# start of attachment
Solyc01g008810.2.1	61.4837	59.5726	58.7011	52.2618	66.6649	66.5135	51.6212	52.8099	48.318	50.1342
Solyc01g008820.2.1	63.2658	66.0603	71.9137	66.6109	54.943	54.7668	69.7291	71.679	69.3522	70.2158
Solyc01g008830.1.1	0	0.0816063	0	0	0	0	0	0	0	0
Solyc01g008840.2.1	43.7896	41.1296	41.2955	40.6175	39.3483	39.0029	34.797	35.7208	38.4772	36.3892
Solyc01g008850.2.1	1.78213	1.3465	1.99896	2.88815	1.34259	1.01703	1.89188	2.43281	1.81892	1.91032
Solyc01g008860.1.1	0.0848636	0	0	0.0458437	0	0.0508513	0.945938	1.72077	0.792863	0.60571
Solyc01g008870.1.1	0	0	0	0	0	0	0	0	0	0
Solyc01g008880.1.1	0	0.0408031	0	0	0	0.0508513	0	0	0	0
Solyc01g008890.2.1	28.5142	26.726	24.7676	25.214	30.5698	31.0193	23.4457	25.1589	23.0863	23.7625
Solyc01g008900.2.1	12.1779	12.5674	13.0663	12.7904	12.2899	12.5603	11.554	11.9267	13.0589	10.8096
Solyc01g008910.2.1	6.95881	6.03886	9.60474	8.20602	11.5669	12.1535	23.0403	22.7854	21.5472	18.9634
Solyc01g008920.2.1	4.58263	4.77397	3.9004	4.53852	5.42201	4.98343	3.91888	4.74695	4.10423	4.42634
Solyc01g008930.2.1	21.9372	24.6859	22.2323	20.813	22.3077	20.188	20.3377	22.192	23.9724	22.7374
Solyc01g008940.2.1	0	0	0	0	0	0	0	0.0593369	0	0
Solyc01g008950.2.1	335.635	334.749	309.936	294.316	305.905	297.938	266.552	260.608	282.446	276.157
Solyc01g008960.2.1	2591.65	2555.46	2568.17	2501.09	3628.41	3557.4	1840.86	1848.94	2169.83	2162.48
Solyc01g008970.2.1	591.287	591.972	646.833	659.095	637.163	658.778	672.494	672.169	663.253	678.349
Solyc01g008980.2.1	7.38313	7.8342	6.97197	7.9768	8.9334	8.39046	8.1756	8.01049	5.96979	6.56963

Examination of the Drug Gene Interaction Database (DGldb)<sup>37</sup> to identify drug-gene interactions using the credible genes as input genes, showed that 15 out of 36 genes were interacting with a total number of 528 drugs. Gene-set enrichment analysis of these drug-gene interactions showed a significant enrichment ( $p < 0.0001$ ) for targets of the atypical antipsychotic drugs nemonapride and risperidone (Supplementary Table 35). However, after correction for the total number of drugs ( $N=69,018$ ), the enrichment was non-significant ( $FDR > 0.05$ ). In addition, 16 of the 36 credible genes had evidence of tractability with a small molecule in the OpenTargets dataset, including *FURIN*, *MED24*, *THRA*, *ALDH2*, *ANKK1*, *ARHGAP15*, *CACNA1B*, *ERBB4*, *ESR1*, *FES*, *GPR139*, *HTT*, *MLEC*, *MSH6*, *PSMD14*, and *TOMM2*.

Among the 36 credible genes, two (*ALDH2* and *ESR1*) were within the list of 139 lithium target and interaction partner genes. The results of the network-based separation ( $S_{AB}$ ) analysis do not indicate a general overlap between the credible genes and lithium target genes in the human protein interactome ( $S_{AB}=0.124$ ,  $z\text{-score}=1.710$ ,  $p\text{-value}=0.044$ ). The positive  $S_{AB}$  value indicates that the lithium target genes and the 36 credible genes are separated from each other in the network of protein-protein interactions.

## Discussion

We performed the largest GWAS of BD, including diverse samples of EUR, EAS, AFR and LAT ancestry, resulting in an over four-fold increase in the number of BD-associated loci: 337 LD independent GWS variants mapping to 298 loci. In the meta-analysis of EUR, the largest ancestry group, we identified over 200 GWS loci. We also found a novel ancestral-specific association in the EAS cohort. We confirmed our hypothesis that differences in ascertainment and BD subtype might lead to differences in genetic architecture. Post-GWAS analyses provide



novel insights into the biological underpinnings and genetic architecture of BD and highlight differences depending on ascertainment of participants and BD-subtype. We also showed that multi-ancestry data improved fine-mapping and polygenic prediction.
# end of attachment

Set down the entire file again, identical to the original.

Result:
Solyc01g008810.2.1	61.4837	59.5726	58.7011	52.2618	66.6649	66.5135	51.6212	52.8099	48.318	50.1342
Solyc01g008820.2.1	63.2658	66.0603	71.9137	66.6109	54.943	54.7668	69.7291	71.679	69.3522	70.2158
Solyc01g008830.1.1	0	0.0816063	0	0	0	0	0	0	0	0
Solyc01g008840.2.1	43.7896	41.1296	41.2955	40.6175	39.3483	39.0029	34.797	35.7208	38.4772	36.3892
Solyc01g008850.2.1	1.78213	1.3465	1.99896	2.88815	1.34259	1.01703	1.89188	2.43281	1.81892	1.91032
Solyc01g008860.1.1	0.0848636	0	0	0.0458437	0	0.0508513	0.945938	1.72077	0.792863	0.60571
Solyc01g008870.1.1	0	0	0	0	0	0	0	0	0	0
Solyc01g008880.1.1	0	0.0408031	0	0	0	0.0508513	0	0	0	0
Solyc01g008890.2.1	28.5142	26.726	24.7676	25.214	30.5698	31.0193	23.4457	25.1589	23.0863	23.7625
Solyc01g008900.2.1	12.1779	12.5674	13.0663	12.7904	12.2899	12.5603	11.554	11.9267	13.0589	10.8096
Solyc01g008910.2.1	6.95881	6.03886	9.60474	8.20602	11.5669	12.1535	23.0403	22.7854	21.5472	18.9634
Solyc01g008920.2.1	4.58263	4.77397	3.9004	4.53852	5.42201	4.98343	3.91888	4.74695	4.10423	4.42634
Solyc01g008930.2.1	21.9372	24.6859	22.2323	20.813	22.3077	20.188	20.3377	22.192	23.9724	22.7374
Solyc01g008940.2.1	0	0	0	0	0	0	0	0.0593369	0	0
Solyc01g008950.2.1	335.635	334.749	309.936	294.316	305.905	297.938	266.552	260.608	282.446	276.157
Solyc01g008960.2.1	2591.65	2555.46	2568.17	2501.09	3628.41	3557.4	1840.86	1848.94	2169.83	2162.48
Solyc01g008970.2.1	591.287	591.972	646.833	659.095	637.163	658.778	672.494	672.169	663.253	678.349
Solyc01g008980.2.1	7.38313	7.8342	6.97197	7.9768	8.9334	8.39046	8.1756	8.01049	5.96979	6.56963

Examination of the Drug Gene Interaction Database (DGldb)<sup>37</sup> to identify drug-gene interactions using the credible genes as input genes, showed that 15 out of 36 genes were interacting with a total number of 528 drugs. Gene-set enrichment analysis of these drug-gene interactions showed a significant enrichment ( $p < 0.0001$ ) for targets of the atypical antipsychotic drugs nemonapride and risperidone (Supplementary Table 35). However, after correction for the total number of drugs ( $N=69,018$ ), the enrichment was non-significant ( $FDR > 0.05$ ). In addition, 16 of the 36 credible genes had evidence of tractability with a small molecule in the OpenTargets dataset, including *FURIN*, *MED24*, *THRA*, *ALDH2*, *ANKK1*, *ARHGAP15*, *CACNA1B*, *ERBB4*, *ESR1*, *FES*, *GPR139*, *HTT*, *MLEC*, *MSH6*, *PSMD14*, and *TOMM2*.

Among the 36 credible genes, two (*ALDH2* and *ESR1*) were within the list of 139 lithium target and interaction partner genes. The results of the network-based separation ( $S_{AB}$ ) analysis do not indicate a general overlap between the credible genes and lithium target genes in the human protein interactome ( $S_{AB}=0.124$ ,  $z\text{-score}=1.710$ ,  $p\text{-value}=0.044$ ). The positive  $S_{AB}$  value indicates that the lithium target genes and the 36 credible genes are separated from each other in the network of protein-protein interactions.

## Discussion

We performed the largest GWAS of BD, including diverse samples of EUR, EAS, AFR and LAT ancestry, resulting in an over four-fold increase in the number of BD-associated loci: 337 LD independent GWS variants mapping to 298 loci. In the meta-analysis of EUR, the largest ancestry group, we identified over 200 GWS loci. We also found a novel ancestral-specific association in the EAS cohort. We confirmed our hypothesis that differences in ascertainment and BD subtype might lead to differences in genetic architecture. Post-GWAS analyses provide



novel insights into the biological underpinnings and genetic architecture of BD and highlight differences depending on ascertainment of participants and BD-subtype. We also showed that multi-ancestry data improved fine-mapping and polygenic prediction.